Surprise! Hidden Fees When Buying a House

hidden fees when buying a house

Many home buyers are shocked when they sign papers to buy their first homes. The unexpected fees in escrow can be breathtaking. Educate yourself beforehand and the hidden costs won’t shock you. You’ll still have to pay them — most of them, anyway — but you will be prepared.

Fees should pay for a specific service rendered, but other fees can creep in. Ask your lender and real estate agent what each fee actually pays for, and who did the work. Some of these may be negotiable.

Lender Fees

Lender fees are mostly expected. You’ll pay for services performed, such as appraisal, credit report and processing fees. You will also probably pay an underwriting fee, although some lenders call it an admin or application fee.

If no one can explain what a fee is actually for, it might be negotiable.

Unexpected lender fees include a flood certification (someone looks at a map to determine if you are in a flood zone) and a tax service fee, which pays someone to monitor whether or not your property taxes are paid on time for the life of the loan.

Watch for hidden costs that have nothing to do with an actual service, such as a “lock” fee or a “commitment” fee.

The most mysterious lender fee you will pay is a fee or a credit for the interest rate you get. This fee is traded against the interest rate. To get a low rate, you will pay a fee, or if you choose a high enough interest rate, you might get a credit to cover all the other costs of your loan. (Thus, a "no-point, no-fee" loan).

Escrow Fees

Escrow fees pay for the escrow agent, who takes in money and instructions, disburses money, distributes paperwork and records deeds per instructions everyone has signed.

Escrow fees are only surprising when they are very high. In some states there is a huge variation between providers. Escrow fees on purchases tend to be much higher than those on refinances.

Title Fees

Title fees pay for someone to search the title history of your new home to ensure you are buying your property without any hidden restrictions or ownership issues. Surprising title fees can include title insurance, endorsements, riders to the policy and a myriad of hidden costs that no one can exactly explain. Google "What is a loan tie-in fee?" and you’ll see there are many opinions about this, but no definitive answer.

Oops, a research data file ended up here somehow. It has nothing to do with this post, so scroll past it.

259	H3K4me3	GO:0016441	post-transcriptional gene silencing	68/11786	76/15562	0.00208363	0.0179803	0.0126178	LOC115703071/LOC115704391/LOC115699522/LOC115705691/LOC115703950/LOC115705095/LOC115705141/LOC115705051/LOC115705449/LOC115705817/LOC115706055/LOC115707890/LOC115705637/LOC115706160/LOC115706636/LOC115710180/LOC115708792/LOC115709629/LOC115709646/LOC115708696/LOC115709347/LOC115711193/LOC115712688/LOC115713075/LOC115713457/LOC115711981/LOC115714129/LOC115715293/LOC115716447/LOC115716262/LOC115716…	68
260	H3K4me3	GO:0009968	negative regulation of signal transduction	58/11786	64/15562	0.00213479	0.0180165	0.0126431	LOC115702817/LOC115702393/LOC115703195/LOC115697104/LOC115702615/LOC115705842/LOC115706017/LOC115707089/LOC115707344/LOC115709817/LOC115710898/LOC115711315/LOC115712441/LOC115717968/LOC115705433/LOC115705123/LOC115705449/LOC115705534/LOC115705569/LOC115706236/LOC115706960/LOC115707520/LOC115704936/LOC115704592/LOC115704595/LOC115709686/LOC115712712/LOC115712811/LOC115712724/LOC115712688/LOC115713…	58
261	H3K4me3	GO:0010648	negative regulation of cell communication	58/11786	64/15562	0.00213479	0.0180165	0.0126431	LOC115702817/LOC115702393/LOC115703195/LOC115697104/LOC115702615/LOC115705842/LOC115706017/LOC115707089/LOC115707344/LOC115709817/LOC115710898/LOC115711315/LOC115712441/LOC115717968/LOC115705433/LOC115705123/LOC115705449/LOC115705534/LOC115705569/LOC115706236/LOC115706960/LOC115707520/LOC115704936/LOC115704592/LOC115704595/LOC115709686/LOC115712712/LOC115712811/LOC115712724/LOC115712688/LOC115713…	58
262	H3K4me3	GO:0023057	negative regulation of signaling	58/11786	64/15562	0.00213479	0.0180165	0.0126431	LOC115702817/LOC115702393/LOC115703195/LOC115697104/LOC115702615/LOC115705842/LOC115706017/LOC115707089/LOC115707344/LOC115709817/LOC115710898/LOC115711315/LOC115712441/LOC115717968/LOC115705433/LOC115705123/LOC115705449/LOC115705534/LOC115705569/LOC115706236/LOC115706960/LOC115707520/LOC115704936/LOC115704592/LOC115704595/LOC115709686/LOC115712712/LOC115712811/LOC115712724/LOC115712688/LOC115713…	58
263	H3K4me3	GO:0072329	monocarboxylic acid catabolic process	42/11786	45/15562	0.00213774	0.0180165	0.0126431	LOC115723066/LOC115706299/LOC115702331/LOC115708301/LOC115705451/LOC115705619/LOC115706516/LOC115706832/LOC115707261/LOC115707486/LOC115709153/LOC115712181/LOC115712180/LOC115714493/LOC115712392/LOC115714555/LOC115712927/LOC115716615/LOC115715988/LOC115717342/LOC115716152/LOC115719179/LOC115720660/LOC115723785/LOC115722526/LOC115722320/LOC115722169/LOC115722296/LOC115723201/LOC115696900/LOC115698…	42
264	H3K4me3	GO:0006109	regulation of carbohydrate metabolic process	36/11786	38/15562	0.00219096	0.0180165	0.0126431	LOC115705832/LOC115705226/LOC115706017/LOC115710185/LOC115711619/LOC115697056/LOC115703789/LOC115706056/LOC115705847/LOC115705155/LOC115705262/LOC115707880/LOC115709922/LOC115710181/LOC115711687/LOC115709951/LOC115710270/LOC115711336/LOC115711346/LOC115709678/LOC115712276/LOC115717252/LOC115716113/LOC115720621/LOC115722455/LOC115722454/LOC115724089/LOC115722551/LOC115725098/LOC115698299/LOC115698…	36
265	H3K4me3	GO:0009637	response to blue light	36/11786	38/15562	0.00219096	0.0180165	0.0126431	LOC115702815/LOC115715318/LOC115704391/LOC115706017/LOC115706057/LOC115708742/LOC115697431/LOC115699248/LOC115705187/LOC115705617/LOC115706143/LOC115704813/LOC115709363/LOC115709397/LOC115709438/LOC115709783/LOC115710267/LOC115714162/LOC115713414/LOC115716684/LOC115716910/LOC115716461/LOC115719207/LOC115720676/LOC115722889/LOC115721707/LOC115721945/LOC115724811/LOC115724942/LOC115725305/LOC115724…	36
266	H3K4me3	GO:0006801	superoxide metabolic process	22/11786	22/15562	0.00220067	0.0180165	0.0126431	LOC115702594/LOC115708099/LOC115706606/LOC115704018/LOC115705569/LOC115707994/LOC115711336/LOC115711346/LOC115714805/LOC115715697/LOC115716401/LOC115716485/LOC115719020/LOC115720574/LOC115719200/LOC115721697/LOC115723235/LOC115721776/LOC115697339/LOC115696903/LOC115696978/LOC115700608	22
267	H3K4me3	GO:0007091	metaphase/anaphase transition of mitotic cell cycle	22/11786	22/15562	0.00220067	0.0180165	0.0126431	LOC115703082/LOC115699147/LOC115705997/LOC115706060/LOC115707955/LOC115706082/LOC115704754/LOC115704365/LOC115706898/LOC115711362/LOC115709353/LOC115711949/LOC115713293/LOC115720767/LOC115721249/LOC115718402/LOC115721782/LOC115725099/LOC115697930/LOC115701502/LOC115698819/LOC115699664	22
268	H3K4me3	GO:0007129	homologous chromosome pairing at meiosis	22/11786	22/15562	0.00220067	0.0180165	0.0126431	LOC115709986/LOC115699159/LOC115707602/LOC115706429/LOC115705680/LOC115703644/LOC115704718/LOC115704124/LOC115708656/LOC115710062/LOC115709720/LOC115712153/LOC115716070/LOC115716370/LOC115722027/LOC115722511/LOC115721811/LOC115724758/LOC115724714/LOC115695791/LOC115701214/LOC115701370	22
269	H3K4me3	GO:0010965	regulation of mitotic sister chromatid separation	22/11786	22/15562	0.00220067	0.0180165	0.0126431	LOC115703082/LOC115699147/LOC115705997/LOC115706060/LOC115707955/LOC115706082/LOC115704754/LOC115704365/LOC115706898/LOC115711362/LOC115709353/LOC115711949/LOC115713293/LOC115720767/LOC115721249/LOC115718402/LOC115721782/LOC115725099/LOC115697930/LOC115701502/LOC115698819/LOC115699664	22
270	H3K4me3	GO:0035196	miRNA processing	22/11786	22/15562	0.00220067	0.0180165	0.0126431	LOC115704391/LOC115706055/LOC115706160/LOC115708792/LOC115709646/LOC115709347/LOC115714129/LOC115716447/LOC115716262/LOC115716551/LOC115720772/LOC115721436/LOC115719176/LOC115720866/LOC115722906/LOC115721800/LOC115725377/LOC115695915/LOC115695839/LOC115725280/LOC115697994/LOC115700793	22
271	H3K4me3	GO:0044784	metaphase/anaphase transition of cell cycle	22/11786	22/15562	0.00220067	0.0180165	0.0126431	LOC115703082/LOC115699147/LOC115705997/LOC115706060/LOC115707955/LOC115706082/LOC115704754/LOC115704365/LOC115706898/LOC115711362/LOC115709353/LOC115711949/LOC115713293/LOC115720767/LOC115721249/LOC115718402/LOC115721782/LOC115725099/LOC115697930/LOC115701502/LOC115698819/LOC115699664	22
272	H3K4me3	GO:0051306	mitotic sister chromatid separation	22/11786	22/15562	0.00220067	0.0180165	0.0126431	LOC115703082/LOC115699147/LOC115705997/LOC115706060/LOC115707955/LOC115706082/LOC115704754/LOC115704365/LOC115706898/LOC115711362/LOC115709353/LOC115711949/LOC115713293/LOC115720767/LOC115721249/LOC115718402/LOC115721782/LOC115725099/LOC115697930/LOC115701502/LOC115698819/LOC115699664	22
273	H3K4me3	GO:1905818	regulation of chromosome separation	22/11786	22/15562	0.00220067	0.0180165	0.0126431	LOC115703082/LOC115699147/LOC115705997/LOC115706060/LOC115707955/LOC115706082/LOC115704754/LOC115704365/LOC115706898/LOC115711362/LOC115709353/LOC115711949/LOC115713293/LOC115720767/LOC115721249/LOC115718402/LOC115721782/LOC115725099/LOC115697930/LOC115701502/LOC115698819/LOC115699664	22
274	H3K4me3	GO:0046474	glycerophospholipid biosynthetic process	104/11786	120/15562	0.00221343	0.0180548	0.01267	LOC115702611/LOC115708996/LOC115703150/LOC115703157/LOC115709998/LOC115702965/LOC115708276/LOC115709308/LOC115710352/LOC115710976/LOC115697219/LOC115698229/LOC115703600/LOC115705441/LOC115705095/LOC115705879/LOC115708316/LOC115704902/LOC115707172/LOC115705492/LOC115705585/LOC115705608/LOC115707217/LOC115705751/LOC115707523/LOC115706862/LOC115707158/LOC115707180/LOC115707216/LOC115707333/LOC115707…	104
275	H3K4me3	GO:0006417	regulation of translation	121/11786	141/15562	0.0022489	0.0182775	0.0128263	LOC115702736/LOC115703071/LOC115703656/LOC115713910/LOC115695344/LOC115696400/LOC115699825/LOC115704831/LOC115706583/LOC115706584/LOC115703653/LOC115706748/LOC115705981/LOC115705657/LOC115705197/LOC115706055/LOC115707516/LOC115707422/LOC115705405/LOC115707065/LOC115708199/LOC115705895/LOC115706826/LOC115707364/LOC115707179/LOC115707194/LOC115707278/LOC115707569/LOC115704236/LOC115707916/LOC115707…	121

If no one can explain what a fee is actually for, it might be negotiable.

Governmental Fees

The County Recorder records grant deeds, deeds of trust and mortgages, and charges for the service. In most counties in the U.S., a transfer tax on purchases will be charged.

What catches many people by surprise is that cities can also charge transfer taxes. This tax is usually larger than the county transfer tax. To make it even more confusing, adjacent cities may have different policies. In San Jose, for example, the transfer tax is 0.33 percent of the purchase price, but most neighboring cities charge nothing.

The cities of Berkeley and Oakland charge 1.5 percent of the purchase price, while neighboring Hayward charges 0.45 percent.

Los Angeles charges 0.45 percent while no cities in Orange County charge any transfer tax.

As you can see, it varies dramatically and is often the single biggest charge in escrow, so do some research beforehand. Search “Who pays what” in your state.

Real Estate Fees

Finally, there are a number of fees you might pay in escrow related to the purchase and not the loan. Most of these are for services someone has performed.

You might pay for a pest inspection in advance or in escrow, or the seller may have had one done at his or her cost. (You might consider doing your own anyway.)

A home inspection is also a good idea. They aren’t cheap, but they provide expert eyes, whose judgement is more objective than yours. The seller may have already done this, but again — consider getting your own.

If you are buying in a rural area, you might need well and septic inspections. These are costly, but necessary if there is any question. Hidden problems are very expensive.

If you are located in a hilly or mountainous area, you’ll want a soils report — this is a good idea if there is any suspicion of erosion.

Your appraiser might recommend a foundation or roof inspection if he or she see signs of trouble. If so, don’t skip it.

Finally, you may be asked to pay for a transaction coordinator. This person handles all the paperwork details of the real estate transaction. While the fee isn’t generally negotiable, who pays for it is. This is the agent’s work; ask him or her to pay for it.

Ask for an Estimated Settlement Statement in advance of signing papers, and hidden fees won’t ruin your day.